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Jeffrey Eugenides: Middlesex

This was high up on the list of Books I Really Should Have Gotten Around To Reading By Now. (The next highest book on the list is probably Jonathan Franzen’s The Corrections.) All I really knew was that it was about a hermaphrodite, which indeed it is, but there’s actually a bit less of that than I expected. First of all, the novel starts out with the narrator’s grandparents, and doesn’t even get to the narrator’s own life until maybe 40% of the way through the book – and then only really follows that life until the age of 15 or so. So we get a lot of entertaining background (though the background is interesting and continues to shed light on the narrator’s own experiences throughout the book), and then we get the narrator’s life up until the point that she 1) discovers that she’s not totally a she and 2) decides he’s a he, but there’s disappointingly little about his life after he decided how he was going to live it.

I still enjoyed it; I like these multi-generational family epics, and the science and sociology of Calliope’s condition was interesting and well written. The artistry that is put into every sentence was especially obvious since I came to this book straight from Brandon Sanderson’s Mistborn books, which were written extremely straightforwardly (not that I had a problem with that). One thing that I particularly appreciated although I bet many other readers found it a little annoying was Eugenides’ willingness to make explicit the themes that kept cropping up. Oh hey, yeah, I guess the burning of Detroit does recall the burning of Smyrna 300 pages ago, now that you mention it, thanks for reminding me. I’m sure the actual literature readers roll their eyes at the author’s assumption that the reader needs these correspondences spelled out, but it worked well for me.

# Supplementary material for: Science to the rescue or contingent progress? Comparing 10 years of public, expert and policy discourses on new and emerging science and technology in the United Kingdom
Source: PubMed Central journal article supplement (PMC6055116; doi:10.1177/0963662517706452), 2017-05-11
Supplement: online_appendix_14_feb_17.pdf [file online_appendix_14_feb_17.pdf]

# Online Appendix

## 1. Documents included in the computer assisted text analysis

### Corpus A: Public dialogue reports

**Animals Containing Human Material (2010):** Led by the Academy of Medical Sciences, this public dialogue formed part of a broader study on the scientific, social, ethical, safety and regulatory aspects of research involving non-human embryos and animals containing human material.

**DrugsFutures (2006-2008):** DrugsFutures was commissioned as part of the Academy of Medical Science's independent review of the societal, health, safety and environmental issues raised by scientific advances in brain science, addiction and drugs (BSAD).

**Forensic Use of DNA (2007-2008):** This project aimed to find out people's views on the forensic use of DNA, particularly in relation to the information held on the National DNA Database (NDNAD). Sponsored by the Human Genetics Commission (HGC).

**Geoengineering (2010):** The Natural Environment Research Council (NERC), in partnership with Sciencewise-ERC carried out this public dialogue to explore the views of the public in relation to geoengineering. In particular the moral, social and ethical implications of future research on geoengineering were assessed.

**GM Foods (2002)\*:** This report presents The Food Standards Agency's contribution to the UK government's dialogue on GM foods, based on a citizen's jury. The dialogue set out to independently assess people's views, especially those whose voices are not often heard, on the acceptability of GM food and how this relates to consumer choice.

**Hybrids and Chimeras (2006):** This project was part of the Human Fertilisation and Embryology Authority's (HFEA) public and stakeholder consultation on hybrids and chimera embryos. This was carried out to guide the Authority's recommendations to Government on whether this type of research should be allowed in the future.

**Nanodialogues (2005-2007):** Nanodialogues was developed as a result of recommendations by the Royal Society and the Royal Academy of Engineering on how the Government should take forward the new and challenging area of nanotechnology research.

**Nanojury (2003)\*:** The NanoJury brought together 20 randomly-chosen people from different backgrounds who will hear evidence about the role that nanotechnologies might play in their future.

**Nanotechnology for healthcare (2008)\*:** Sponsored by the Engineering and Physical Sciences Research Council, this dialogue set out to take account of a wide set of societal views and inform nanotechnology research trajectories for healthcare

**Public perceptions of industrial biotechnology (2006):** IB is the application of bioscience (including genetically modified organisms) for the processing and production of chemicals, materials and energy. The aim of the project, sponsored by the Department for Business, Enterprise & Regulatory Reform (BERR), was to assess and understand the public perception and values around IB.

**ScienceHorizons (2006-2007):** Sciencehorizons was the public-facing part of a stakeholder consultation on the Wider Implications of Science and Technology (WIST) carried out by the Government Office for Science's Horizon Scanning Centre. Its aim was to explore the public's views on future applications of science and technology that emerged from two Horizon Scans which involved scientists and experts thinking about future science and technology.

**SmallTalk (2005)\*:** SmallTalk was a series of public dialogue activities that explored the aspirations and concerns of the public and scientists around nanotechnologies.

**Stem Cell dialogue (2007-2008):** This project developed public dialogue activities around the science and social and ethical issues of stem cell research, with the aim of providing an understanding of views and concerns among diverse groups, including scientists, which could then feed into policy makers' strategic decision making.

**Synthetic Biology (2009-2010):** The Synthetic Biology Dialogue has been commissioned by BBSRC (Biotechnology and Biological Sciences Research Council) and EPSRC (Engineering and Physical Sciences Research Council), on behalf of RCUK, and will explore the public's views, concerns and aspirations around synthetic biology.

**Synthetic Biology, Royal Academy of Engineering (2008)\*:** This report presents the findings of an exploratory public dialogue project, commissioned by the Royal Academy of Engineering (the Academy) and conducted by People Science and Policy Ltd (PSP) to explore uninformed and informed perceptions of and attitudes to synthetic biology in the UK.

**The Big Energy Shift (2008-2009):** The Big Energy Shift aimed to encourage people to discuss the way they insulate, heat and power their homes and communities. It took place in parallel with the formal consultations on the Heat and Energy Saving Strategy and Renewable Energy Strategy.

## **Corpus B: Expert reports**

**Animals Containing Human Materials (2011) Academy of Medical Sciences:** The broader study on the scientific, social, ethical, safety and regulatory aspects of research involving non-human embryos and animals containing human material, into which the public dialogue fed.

Middlesex won the Pulitzer Prize, and I must admit that having picked it up with Pulitzer-size expectations I felt that it didn’t totally live up to them. But it was still an excellent book, and I’m happy to have read it for reasons other than just being able to cross it off the list.

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